St Bede became ill in 735. For about two weeks before Pascha, he was weak and had trouble breathing, but experienced little pain. He remained cheerful and gave daily lessons to his students, then spent the rest of the day singing Psalms and giving thanks to God. He would often quote the words of St Ambrose, I have not lived in such a way that I am ashamed to live among you, and I do not fear to die, for God is gracious. (Paulinus, Life of Saint Ambrose, Ch. 45).

In addition to giving daily lessons and chanting the Psalms, St Bede was also working on an Anglo-Saxon translation of the Gospel of St John, and also a book of extracts from the writings of St Isidore of Seville (April 4). On Tuesday before the Feast of the Lord's Ascension, the saint's breathing became more labored, and his feet began to swell. Learn quickly, he told those who were taking dictation from him, for I do not know how long I can continue. The Lord may call me in a short while.

After a sleepless night, St Bede continued his dictation on Wednesday morning. At the Third Hour, there was a procession with the relics of the saints in the monastery, and the brethren went to attend this service, leaving a monk named Wilbert with Bede. The monk reminded him that there remained one more chapter to be written in the book which he was dictating. Wilbert was reluctant to disturb the dying Bede, however. St Bede said, It is no trouble. Take your pen and write quickly.“”

At the Ninth Hour, Bede paused and told Wilbert that he had some items in his chest, such as pepper, incense, and linen. He asked the monk to bring the priests of the monastery so that he could distribute these items to them. When they arrived, he spoke to each of them in turn, requesting them to pray for him and to remember him in the services. Then he said, The time of my departure is at hand, and my soul longs to see Christ my King in His beauty.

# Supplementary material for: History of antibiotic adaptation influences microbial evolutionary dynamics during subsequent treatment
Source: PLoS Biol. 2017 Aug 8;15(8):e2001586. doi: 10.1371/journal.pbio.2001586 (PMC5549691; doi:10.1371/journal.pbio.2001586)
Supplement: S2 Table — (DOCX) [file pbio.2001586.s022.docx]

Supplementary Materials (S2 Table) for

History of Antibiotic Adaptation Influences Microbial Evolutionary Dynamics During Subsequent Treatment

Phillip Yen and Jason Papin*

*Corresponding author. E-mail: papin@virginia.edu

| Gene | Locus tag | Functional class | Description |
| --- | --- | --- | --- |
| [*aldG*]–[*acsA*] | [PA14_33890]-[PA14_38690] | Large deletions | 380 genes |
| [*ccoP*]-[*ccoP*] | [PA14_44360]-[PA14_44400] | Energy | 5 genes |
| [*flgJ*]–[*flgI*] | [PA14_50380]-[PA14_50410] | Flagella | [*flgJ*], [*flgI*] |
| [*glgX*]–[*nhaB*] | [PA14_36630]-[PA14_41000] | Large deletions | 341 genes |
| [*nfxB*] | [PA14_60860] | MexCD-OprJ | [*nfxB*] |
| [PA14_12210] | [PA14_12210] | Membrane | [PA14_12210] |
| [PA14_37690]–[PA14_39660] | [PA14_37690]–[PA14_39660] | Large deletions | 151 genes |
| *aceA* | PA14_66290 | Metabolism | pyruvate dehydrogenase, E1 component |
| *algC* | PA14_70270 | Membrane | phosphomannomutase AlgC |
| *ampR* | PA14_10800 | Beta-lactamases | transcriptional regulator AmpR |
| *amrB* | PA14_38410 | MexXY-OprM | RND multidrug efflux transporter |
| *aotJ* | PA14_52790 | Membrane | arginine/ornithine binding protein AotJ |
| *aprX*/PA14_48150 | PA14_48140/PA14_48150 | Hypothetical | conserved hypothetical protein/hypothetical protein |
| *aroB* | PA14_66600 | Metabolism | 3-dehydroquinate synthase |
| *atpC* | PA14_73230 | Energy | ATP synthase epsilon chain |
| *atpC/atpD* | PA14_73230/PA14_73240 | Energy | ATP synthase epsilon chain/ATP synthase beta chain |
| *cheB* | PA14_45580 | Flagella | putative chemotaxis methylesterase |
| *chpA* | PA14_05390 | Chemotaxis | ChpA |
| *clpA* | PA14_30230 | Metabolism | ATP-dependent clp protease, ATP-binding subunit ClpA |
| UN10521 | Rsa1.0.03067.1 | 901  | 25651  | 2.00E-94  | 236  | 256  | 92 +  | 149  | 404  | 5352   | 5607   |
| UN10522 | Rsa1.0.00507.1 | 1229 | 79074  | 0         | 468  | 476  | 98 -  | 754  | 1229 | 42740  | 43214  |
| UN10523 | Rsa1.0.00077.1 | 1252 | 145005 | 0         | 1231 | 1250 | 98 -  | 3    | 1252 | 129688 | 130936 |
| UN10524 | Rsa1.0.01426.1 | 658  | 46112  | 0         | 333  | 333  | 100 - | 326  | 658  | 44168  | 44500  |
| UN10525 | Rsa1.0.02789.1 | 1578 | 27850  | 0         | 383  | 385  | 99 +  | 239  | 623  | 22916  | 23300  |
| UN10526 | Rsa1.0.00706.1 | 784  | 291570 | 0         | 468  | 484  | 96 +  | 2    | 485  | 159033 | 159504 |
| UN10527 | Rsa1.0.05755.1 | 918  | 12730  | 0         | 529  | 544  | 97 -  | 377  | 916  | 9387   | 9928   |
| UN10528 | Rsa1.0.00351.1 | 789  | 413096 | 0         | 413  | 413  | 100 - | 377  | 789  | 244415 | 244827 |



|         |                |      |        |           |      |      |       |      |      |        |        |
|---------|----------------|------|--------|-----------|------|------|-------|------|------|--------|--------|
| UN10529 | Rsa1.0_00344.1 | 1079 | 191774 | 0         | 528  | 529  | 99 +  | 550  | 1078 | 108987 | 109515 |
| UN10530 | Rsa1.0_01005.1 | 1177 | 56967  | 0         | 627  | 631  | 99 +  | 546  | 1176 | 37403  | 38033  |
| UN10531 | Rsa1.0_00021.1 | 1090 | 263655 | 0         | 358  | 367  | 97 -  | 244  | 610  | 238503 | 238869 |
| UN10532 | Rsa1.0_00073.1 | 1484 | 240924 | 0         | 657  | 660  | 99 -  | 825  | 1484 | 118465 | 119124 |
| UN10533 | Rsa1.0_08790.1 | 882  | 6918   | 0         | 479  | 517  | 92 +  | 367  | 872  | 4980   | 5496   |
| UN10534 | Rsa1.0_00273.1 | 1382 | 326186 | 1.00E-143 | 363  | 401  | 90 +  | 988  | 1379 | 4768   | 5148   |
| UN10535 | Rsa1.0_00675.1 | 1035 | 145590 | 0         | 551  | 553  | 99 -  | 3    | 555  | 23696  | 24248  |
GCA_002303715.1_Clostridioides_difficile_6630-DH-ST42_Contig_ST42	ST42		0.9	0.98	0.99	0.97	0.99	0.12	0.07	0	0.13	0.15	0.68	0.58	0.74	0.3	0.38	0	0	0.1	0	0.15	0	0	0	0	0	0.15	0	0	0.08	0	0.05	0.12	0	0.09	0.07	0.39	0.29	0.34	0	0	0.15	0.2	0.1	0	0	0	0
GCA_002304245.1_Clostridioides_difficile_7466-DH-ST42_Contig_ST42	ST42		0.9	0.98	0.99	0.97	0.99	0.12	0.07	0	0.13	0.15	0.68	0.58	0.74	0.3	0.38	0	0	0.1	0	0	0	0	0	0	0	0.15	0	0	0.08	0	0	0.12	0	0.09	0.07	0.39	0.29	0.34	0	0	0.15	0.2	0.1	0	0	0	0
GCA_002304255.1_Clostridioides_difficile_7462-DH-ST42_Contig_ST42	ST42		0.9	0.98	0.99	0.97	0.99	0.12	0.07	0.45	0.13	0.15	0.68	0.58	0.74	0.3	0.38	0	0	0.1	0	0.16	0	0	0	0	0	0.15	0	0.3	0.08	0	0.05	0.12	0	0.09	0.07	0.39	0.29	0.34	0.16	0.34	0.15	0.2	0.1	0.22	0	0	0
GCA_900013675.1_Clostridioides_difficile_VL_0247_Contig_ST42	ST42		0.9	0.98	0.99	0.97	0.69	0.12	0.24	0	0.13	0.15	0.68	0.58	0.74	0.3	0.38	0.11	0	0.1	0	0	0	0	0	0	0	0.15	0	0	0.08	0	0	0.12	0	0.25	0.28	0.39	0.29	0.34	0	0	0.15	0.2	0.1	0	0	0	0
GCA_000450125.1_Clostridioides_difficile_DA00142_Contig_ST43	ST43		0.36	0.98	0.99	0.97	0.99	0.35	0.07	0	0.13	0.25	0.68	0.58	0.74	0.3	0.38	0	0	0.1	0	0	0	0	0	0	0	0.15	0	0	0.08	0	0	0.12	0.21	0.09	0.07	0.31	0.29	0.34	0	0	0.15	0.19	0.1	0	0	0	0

That evening, Wilbert said to him, Dear Master, there is one sentence left unfinished.
Bede said, Very well, write it down.
Then the young monk said, It is finished now.
St Bede replied, You have spoken truly, it is well finished. Then he asked Wilbert to raise his head so that he could see the church where he used to pray. After chanting, Glory to the Father, and to the Son, and to the Holy Spirit to its ending, St Bede fell asleep in the Lord Whom he had loved.

Although St Bede reposed on May 25, the eve of the Ascension, he is commemorated on the 27th, since the Feast of St Augustine of Canterbury is appointed for the 26th. His body was first buried in the south porch of the monastery church, then later transferred to a place near the altar. Today his holy relics lie in Durham Cathedral, in the Galilee chapel. St Bede is the only Englishman mentioned by Dante in the DIVINE COMEDY (Paradiso).
Bede championed the use of Christ's incarnation as a method of dating events, and, despite the incompleteness of it's record, his ‘Ecclesiastical History’ remains an indispensable source of early Anglo-Saxon history. In a short biographical section, at the end of the work, he writes:
“Thus much of the Ecclesiastical History of Britain, and more especially of the English nation, as far as I could learn either from the writings of the ancients, or the tradition of our ancestors, or of my own knowledge, has, with the help of God, been digested by me, Bede, the servant of God, and priest of the monastery of the blessed apostles, Peter and Paul, which is at Wearmouth and Jarrow; who being born in the territory of that same monastery, was given, at seven years of age, to be educated by the most reverend Abbot Benedict, and afterwards by Ceolfrith; and spending all the remaining time of my life in that monastery, I wholly applied myself to the study of Scripture, and amidst the observance of regular discipline, and the daily care of singing in the church, I always took delight in learning, teaching, and writing. In the nineteenth year of my age, I received deacon's orders; in the thirtieth, those of the priesthood, both of them by the ministry of the most reverend Bishop John, and by order of the Abbot Ceolfrith.”